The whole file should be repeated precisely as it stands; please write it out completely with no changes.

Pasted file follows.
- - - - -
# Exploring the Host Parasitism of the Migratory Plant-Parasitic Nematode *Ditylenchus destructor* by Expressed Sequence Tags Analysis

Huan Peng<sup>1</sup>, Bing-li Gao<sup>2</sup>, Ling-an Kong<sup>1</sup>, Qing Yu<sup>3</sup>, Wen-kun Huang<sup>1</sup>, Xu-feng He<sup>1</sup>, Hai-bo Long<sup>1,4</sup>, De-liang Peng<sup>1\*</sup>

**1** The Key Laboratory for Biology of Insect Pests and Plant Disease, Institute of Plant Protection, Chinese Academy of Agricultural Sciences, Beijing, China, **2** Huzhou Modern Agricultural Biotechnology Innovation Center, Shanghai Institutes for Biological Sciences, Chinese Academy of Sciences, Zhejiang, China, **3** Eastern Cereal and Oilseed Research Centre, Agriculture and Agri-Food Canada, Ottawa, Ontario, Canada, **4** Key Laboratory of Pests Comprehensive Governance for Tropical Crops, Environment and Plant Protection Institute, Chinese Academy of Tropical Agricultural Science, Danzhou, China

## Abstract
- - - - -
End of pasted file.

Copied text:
# Exploring the Host Parasitism of the Migratory Plant-Parasitic Nematode *Ditylenchus destructor* by Expressed Sequence Tags Analysis

Huan Peng<sup>1</sup>, Bing-li Gao<sup>2</sup>, Ling-an Kong<sup>1</sup>, Qing Yu<sup>3</sup>, Wen-kun Huang<sup>1</sup>, Xu-feng He<sup>1</sup>, Hai-bo Long<sup>1,4</sup>, De-liang Peng<sup>1\*</sup>

**1** The Key Laboratory for Biology of Insect Pests and Plant Disease, Institute of Plant Protection, Chinese Academy of Agricultural Sciences, Beijing, China, **2** Huzhou Modern Agricultural Biotechnology Innovation Center, Shanghai Institutes for Biological Sciences, Chinese Academy of Sciences, Zhejiang, China, **3** Eastern Cereal and Oilseed Research Centre, Agriculture and Agri-Food Canada, Ottawa, Ontario, Canada, **4** Key Laboratory of Pests Comprehensive Governance for Tropical Crops, Environment and Plant Protection Institute, Chinese Academy of Tropical Agricultural Science, Danzhou, China

## Abstract